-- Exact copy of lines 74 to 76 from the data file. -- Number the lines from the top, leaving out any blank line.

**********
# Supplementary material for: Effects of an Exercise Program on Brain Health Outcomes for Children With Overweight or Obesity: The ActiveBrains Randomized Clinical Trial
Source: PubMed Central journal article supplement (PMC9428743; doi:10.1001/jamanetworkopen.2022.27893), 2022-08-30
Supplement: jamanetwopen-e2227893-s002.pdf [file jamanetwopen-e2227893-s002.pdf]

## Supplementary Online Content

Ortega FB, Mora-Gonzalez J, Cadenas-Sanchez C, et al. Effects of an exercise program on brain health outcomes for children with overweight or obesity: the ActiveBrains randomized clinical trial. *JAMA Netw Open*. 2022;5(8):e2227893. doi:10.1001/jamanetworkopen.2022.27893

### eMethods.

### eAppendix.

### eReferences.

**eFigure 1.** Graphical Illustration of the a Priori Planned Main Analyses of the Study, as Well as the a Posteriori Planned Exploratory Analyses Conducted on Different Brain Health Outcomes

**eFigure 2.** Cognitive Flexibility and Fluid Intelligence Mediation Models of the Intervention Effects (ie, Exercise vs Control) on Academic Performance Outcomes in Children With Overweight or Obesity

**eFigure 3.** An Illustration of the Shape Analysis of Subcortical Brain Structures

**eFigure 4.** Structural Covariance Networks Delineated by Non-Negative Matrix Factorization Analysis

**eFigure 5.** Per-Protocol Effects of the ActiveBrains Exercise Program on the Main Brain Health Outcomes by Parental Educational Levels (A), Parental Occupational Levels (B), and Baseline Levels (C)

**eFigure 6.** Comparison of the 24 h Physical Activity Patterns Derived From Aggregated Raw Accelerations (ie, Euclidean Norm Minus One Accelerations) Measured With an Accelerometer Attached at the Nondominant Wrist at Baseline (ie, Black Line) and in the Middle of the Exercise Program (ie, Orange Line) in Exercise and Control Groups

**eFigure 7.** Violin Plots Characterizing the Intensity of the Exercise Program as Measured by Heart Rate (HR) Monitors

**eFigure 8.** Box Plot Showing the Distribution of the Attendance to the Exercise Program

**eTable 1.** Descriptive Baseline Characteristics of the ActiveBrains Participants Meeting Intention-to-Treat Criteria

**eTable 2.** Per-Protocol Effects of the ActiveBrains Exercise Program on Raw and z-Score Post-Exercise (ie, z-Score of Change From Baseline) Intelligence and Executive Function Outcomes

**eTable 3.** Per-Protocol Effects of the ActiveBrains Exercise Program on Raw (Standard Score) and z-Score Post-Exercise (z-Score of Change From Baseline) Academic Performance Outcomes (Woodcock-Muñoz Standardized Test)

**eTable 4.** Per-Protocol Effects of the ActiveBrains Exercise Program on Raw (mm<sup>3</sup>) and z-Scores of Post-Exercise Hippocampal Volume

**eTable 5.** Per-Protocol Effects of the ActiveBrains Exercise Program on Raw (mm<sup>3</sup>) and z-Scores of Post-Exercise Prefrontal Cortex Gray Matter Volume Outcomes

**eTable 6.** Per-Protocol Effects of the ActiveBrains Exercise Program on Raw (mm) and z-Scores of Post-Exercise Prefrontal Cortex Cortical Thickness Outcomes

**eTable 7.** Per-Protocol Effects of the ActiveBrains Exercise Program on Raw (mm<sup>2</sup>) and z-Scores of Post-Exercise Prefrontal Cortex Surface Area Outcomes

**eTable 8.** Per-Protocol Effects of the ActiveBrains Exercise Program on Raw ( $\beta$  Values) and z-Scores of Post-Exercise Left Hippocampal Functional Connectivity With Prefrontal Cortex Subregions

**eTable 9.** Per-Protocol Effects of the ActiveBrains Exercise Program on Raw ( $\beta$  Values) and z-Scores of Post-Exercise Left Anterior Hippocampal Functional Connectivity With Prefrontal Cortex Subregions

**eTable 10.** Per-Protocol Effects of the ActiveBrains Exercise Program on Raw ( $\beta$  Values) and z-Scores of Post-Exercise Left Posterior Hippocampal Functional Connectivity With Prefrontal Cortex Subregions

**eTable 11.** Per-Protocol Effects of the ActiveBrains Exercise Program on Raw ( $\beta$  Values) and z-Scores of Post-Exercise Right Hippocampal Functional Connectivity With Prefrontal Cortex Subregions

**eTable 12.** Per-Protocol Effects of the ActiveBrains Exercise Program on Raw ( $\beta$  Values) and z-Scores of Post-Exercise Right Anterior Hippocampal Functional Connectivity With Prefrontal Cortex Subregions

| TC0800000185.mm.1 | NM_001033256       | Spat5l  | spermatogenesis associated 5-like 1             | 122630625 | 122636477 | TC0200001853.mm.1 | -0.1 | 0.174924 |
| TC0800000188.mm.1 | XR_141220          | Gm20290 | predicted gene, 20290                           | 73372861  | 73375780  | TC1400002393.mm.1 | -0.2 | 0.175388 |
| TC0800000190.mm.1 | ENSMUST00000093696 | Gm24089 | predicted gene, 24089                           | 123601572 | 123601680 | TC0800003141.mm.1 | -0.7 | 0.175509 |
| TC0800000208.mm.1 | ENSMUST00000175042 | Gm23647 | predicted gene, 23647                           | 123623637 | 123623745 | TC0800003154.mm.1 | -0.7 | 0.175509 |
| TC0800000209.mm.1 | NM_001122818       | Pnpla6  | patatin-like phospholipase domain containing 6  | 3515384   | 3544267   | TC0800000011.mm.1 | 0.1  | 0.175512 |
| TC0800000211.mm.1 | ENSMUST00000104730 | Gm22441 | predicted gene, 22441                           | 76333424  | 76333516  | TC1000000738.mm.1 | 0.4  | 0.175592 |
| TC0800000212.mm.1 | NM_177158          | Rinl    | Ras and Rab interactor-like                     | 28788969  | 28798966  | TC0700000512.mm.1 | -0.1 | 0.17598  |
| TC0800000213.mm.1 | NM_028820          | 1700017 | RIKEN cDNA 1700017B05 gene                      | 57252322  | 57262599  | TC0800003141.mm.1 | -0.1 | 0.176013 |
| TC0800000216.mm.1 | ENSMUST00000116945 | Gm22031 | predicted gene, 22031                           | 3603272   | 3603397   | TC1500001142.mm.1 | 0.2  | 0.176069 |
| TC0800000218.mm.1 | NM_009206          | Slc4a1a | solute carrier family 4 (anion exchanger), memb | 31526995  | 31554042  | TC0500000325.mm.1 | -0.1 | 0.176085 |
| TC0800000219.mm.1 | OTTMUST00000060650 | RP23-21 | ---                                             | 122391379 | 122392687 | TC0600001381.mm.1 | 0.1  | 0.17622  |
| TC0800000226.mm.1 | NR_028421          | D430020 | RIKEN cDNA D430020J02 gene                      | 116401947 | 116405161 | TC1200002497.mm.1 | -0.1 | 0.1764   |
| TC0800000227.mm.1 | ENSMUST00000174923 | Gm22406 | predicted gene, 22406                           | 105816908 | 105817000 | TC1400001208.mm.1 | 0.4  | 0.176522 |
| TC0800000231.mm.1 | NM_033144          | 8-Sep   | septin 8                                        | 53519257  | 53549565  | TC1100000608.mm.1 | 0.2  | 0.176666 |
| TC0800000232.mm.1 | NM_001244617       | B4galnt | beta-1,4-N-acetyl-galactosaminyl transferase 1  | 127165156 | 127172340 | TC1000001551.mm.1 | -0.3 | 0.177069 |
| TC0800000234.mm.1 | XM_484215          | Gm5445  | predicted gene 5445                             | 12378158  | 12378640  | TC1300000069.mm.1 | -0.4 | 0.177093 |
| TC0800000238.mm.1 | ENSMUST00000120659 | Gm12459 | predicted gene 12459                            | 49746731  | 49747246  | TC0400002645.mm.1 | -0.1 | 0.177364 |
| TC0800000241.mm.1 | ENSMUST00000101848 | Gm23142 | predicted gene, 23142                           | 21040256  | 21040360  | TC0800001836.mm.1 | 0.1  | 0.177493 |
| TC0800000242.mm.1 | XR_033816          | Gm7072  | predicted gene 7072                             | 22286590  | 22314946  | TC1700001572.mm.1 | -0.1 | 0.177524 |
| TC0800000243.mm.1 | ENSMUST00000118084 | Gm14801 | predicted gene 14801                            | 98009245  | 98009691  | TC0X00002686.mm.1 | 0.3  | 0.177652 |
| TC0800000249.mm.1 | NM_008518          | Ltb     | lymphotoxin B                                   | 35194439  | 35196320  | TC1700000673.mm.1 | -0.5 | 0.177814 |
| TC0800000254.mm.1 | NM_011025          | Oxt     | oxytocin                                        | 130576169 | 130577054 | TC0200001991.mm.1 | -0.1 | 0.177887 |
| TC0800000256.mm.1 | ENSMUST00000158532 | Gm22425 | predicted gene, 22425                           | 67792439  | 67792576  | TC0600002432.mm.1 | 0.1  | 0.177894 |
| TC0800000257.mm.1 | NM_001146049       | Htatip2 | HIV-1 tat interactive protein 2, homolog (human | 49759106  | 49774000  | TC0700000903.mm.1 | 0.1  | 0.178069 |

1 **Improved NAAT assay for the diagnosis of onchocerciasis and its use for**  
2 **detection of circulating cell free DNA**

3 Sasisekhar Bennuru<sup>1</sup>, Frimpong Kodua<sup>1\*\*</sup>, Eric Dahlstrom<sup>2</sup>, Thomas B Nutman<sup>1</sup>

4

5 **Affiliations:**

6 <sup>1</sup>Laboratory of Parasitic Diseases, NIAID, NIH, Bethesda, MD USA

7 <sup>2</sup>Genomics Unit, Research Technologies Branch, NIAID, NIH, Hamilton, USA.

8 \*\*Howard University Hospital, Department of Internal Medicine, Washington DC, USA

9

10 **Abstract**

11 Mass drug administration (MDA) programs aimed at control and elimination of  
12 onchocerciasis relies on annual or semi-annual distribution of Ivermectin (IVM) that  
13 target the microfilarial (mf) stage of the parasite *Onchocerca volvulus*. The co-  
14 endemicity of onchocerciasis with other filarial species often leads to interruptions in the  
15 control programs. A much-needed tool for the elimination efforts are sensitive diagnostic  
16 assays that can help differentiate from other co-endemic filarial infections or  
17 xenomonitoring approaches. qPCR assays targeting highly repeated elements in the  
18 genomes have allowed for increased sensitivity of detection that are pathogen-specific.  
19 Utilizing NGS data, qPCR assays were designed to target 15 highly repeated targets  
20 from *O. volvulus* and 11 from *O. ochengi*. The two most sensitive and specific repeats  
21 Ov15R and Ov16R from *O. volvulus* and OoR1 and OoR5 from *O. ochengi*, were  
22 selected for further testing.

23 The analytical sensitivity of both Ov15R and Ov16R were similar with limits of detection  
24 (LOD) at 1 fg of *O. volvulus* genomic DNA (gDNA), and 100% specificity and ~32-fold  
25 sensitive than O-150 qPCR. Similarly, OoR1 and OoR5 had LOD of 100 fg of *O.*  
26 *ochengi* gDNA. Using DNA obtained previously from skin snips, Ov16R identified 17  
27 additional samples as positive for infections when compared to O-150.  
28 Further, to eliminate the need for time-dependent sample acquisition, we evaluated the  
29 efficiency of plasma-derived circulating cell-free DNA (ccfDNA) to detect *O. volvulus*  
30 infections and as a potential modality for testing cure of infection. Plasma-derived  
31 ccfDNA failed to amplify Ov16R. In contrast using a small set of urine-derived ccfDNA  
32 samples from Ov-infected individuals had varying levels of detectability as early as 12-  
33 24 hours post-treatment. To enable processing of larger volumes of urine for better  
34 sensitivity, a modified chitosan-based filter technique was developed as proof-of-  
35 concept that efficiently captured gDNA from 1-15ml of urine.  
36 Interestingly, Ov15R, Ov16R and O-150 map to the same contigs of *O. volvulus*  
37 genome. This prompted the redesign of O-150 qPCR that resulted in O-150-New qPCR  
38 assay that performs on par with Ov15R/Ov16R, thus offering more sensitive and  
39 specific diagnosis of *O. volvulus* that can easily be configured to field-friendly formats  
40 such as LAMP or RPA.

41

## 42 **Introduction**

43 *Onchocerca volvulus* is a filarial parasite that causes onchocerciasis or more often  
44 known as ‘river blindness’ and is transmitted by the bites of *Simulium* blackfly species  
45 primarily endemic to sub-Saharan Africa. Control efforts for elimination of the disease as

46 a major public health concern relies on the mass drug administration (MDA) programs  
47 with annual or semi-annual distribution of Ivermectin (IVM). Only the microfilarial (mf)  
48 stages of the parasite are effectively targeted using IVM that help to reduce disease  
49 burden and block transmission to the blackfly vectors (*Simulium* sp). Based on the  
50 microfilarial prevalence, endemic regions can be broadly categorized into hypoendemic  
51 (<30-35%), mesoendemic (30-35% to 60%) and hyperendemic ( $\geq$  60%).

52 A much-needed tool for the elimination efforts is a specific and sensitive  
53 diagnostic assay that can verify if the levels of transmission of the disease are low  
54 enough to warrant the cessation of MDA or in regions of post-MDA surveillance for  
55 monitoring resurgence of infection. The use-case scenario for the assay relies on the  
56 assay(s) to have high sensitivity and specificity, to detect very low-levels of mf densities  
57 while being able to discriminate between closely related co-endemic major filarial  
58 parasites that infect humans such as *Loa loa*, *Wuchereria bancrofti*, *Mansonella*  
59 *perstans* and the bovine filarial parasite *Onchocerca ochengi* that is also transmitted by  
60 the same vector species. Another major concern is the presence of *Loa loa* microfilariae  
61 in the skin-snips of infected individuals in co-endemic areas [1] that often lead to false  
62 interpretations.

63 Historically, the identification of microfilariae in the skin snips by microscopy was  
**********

22 selected for further testing.

23 The analytical sensitivity of both Ov15R and Ov16R were similar with limits of detection  
24 (LOD) at 1 fg of *O. volvulus* genomic DNA (gDNA), and 100% specificity and ~32-fold  